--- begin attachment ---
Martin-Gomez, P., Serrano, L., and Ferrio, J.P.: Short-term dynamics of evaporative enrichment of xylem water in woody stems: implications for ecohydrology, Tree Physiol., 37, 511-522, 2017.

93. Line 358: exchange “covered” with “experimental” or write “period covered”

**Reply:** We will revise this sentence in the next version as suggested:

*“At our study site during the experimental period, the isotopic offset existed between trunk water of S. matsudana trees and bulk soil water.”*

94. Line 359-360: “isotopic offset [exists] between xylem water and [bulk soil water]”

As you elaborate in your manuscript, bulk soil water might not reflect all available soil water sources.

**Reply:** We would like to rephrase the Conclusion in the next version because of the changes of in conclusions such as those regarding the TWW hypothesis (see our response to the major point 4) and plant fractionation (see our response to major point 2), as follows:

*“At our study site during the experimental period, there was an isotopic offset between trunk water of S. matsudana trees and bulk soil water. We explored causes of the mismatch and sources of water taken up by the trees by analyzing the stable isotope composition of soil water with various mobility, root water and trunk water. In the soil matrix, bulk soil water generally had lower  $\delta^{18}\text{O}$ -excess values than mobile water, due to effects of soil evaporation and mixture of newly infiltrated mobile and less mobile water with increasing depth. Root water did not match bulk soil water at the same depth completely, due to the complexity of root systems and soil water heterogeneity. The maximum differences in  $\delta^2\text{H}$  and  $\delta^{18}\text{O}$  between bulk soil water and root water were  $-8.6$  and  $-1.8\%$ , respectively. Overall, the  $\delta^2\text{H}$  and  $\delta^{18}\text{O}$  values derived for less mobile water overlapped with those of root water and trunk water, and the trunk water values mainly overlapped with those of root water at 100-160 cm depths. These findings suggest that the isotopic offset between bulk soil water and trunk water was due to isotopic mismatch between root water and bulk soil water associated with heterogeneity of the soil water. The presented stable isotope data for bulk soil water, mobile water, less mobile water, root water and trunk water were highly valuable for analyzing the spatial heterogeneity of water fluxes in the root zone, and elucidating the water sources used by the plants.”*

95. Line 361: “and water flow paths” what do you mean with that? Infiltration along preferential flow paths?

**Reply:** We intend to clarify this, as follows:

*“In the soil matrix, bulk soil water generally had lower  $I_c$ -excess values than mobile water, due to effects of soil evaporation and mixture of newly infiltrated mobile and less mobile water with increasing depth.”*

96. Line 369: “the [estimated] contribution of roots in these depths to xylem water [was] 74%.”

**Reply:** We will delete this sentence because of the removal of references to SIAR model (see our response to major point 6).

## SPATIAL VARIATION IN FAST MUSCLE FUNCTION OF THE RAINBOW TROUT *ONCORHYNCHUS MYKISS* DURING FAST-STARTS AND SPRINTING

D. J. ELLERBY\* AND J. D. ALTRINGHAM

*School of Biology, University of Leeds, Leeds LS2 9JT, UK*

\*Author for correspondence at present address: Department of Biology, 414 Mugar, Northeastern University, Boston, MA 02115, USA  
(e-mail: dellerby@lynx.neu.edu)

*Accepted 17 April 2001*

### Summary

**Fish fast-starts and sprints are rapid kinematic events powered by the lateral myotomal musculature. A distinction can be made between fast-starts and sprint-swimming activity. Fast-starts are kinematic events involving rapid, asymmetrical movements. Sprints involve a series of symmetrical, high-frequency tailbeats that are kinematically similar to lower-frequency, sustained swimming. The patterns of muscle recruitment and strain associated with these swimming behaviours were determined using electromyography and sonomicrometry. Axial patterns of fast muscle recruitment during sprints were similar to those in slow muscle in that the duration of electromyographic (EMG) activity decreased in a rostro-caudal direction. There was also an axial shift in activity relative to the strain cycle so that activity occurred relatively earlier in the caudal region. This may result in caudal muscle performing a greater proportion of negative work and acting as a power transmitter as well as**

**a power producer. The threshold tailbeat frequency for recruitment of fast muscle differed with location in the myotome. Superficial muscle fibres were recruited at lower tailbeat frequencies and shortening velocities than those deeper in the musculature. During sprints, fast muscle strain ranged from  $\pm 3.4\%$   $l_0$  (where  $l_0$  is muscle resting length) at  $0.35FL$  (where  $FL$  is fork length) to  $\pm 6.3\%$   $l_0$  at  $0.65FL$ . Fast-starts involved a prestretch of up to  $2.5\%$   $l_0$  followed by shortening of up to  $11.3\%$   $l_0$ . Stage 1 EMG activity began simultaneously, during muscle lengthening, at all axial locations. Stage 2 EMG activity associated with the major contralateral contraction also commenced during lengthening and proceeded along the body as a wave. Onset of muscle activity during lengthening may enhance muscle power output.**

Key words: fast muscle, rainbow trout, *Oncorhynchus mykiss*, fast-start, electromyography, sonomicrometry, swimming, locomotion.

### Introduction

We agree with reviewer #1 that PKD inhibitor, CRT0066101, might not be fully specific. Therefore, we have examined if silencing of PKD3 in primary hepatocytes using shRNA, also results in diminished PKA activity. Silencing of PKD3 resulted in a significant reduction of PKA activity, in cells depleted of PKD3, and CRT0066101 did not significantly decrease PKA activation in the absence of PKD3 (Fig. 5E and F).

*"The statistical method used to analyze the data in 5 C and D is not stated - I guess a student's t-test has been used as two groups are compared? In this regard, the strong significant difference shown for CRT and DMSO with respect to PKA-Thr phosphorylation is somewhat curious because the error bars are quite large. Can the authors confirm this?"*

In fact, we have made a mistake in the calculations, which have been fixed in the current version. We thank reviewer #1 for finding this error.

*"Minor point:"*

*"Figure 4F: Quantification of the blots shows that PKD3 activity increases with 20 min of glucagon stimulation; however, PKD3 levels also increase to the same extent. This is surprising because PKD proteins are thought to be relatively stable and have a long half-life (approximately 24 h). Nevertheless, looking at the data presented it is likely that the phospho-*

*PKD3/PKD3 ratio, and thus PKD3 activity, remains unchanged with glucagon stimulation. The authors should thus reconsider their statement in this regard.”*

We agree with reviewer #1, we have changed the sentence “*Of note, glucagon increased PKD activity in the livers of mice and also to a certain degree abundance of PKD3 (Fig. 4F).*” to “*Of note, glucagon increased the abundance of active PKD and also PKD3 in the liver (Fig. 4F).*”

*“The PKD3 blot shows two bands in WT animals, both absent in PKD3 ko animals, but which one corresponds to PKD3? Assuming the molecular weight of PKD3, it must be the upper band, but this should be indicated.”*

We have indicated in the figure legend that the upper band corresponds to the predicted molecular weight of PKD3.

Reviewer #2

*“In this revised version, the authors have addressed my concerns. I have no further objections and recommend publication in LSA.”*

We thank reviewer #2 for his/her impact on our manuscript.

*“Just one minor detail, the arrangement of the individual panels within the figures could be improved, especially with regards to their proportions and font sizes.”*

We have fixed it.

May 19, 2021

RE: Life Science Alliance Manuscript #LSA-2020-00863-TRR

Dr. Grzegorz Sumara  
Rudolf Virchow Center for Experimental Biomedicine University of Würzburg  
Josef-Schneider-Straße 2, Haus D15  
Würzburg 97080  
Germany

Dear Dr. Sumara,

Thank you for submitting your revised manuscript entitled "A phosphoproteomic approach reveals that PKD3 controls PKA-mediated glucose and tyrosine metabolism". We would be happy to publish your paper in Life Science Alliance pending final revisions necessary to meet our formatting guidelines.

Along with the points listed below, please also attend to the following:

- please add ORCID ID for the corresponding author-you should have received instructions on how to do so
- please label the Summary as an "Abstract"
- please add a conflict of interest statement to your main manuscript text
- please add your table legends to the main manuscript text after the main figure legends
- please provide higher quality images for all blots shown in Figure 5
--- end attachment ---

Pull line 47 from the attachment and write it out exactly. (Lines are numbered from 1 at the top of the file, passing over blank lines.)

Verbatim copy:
Thank you for submitting your revised manuscript entitled "A phosphoproteomic approach reveals that PKD3 controls PKA-mediated glucose and tyrosine metabolism". We would be happy to publish your paper in Life Science Alliance pending final revisions necessary to meet our formatting guidelines.